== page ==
/Gergely Orosz

Ask the EM: How Can I Work Better With My Product Manager, As An Engineering Lead? tl;dr: A healthy relationship between engineering and product lead has (1) two people, one voice inside and outside the team. (2) Frequent communication. (3) Empathy towards the other. (4) Clear understanding of where roles start and end. Gergely discusses how to forge such a relationship.

featured in #200


The Cheetah Software Engineer tl;dr: "The Cheetah is a software engineer who is first and foremost very curious and blazing fast." Gergely describes common traits of such an engineer and how to manage such engineers.

featured in #197


Advice To Myself When Starting Out As A Software Developer tl;dr: 7 recommendations, including (1) read two books per year on software engineering thoroughly i.e. take notes, talk to others about it, etc... (2) Learn your language "in-depth, to the very bottom," so you understand its strengths and weaknesses.

featured in #195


Data Structures & Algorithms I Actually Used Working At Tech Companies tl;dr: "This article is a set of real-world examples where data structures like trees, graphs, and various algorithms were used in production."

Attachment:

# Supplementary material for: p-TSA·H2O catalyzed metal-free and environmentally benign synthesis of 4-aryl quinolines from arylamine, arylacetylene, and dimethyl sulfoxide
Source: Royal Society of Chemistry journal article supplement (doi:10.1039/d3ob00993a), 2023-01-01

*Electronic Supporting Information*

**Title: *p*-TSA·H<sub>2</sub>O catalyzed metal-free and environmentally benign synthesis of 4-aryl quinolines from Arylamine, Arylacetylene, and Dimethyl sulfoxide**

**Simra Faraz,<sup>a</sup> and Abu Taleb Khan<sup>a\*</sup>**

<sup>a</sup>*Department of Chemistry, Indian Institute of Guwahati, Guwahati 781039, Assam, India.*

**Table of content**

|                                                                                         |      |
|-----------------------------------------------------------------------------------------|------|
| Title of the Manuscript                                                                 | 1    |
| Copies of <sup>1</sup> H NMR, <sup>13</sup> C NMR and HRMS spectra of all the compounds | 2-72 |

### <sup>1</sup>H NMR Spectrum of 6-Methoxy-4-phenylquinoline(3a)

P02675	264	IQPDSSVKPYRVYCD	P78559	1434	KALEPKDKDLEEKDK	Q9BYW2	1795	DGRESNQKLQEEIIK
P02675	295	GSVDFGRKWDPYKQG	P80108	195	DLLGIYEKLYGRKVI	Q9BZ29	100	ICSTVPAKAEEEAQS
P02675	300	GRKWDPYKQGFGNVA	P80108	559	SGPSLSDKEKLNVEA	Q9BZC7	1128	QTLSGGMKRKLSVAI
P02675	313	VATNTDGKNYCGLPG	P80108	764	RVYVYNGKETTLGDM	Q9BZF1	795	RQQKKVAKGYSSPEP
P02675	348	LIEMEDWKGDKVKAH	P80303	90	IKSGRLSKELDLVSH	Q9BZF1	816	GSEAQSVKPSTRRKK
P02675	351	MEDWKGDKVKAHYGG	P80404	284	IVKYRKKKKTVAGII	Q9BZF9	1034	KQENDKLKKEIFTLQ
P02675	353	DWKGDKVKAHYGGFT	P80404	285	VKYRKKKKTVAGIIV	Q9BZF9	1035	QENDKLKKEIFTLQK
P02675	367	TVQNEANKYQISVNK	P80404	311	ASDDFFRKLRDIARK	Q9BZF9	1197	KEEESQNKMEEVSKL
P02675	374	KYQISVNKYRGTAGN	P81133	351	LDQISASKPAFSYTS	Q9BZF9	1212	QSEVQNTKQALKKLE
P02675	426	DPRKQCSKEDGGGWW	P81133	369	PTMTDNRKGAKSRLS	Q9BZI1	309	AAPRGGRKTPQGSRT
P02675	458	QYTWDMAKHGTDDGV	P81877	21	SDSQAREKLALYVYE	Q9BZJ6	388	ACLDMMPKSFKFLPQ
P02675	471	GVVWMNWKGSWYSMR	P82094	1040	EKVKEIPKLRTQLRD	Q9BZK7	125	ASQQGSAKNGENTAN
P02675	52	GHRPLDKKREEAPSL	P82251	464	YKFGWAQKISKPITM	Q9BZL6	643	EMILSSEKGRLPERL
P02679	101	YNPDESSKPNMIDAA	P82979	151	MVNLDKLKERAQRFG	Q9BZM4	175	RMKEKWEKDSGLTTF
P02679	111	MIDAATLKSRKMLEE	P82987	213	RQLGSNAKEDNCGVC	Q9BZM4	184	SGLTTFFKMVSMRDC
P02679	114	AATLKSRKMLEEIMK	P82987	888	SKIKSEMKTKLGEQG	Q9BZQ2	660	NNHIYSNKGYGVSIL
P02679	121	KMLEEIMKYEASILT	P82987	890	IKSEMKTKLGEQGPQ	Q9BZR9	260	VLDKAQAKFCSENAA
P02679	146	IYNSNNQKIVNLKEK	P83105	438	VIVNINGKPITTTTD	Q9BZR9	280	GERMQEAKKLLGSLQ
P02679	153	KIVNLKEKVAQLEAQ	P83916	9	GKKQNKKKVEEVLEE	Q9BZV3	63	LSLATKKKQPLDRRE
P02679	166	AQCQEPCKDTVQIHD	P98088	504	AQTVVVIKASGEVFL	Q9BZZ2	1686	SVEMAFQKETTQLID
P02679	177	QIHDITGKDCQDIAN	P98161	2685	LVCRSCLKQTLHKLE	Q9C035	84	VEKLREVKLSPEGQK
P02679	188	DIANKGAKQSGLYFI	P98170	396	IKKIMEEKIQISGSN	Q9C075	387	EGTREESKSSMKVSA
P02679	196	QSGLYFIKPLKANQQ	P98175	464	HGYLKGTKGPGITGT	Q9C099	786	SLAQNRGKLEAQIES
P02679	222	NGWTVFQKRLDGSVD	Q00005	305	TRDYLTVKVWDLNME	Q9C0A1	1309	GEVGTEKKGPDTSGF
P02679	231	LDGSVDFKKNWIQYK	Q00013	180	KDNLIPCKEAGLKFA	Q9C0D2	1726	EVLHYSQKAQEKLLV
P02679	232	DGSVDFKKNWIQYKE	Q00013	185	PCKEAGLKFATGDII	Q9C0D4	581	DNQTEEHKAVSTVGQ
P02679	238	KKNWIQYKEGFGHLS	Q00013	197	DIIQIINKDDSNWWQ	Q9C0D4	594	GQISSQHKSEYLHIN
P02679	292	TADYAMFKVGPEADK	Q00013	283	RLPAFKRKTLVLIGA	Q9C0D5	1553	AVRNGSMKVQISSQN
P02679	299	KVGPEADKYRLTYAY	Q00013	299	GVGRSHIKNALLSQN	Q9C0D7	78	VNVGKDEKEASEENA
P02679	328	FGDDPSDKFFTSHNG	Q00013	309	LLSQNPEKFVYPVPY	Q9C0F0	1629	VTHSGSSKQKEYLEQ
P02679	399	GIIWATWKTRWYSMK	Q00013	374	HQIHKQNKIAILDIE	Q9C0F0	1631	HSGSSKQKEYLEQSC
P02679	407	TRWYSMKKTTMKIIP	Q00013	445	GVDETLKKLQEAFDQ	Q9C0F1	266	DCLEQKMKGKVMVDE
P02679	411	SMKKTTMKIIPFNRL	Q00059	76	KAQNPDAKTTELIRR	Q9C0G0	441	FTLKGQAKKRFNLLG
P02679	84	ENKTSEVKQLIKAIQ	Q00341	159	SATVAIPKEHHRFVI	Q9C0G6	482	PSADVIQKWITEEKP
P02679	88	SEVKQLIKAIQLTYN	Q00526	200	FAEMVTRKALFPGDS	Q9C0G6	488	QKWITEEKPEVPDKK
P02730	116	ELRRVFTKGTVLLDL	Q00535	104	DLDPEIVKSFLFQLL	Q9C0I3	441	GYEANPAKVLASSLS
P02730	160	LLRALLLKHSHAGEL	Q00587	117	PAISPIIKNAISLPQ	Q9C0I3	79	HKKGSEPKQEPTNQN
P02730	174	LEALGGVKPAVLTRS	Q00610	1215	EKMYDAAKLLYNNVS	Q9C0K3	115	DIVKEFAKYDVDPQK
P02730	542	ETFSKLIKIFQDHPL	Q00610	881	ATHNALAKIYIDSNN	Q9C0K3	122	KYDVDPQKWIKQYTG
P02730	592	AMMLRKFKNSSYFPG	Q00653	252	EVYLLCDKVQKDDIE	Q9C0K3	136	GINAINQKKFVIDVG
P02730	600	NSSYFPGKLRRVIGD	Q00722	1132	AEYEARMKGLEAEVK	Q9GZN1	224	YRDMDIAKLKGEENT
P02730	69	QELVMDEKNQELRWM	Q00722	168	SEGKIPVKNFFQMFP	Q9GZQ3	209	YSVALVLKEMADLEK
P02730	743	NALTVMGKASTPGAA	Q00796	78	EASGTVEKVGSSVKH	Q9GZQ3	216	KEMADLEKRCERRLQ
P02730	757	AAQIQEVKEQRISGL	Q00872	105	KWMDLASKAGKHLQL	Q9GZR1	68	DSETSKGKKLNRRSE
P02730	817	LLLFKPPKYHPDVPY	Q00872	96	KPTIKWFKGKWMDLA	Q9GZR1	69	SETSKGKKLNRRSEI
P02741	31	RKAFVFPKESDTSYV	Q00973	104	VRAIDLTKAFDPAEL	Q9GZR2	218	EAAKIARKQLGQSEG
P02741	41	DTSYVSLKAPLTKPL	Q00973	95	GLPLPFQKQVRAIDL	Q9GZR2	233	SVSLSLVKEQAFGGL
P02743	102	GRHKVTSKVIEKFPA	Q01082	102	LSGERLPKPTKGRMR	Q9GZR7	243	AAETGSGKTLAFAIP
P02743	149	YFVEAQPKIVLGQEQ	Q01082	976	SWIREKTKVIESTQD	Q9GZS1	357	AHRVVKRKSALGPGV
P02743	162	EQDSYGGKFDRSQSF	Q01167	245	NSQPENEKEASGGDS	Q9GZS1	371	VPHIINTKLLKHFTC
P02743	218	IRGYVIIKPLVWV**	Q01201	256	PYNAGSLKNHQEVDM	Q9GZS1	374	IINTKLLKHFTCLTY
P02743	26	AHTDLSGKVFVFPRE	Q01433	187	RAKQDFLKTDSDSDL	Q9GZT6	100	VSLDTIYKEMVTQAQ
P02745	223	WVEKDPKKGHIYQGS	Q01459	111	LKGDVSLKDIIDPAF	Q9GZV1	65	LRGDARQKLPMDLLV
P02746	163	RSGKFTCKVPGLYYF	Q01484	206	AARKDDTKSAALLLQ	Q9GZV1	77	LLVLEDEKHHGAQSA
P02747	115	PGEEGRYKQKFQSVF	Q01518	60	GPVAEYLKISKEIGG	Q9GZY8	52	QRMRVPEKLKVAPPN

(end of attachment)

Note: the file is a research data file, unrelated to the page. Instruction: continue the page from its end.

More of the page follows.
featured in #193


Architecture Jams: A Collaborative Way Of Designing Software tl;dr: Gergely provides a useful framework for how to conduct jams, starting with (1) be mindful of who you invite (2) start with the goal (3) lay out constraints and principles.

featured in #186


The Developer Culture Test: What Defines Places Where Developers Thrive? tl;dr: The test comprises of 3 areas, with 5 questions each, to help evaluate whether an organization has a healthy culture. Any "decent tech company" should have the 3 basic points nailed, and "cover at least 4 out of the 5 points in each area."

featured in #182


Surprising Things About Working At Well-Known Tech Unicorns tl;dr: Helpful advice if you're considering joining a unicorn from Gergely, from his time at Skype, Skyscanner and Uber. 

featured in #181


Tech Debt And The Pragmatic Middle Ground tl;dr: For startups, having enough tech debt is critical. Having "too little is premature optimization". In the early phase of a company, you want tech debt to be heavy, allowing for the company to move quickly. 

featured in #179


Tech Lead Expectations for Engineering Projects tl;dr: Framework of how Gergely manages his team at Uber including the initial team setup, how risks are managed, stakeholder communication and more.

featured in #166


A Comment Is An Invitation For Refactoring tl;dr: A comment is usually a sign that a piece of code needs refactoring. Greg wants us to ask "could I refactor the code to remove this comment?" The answer is typically yes. He highlights three common examples of comments.

featured in #164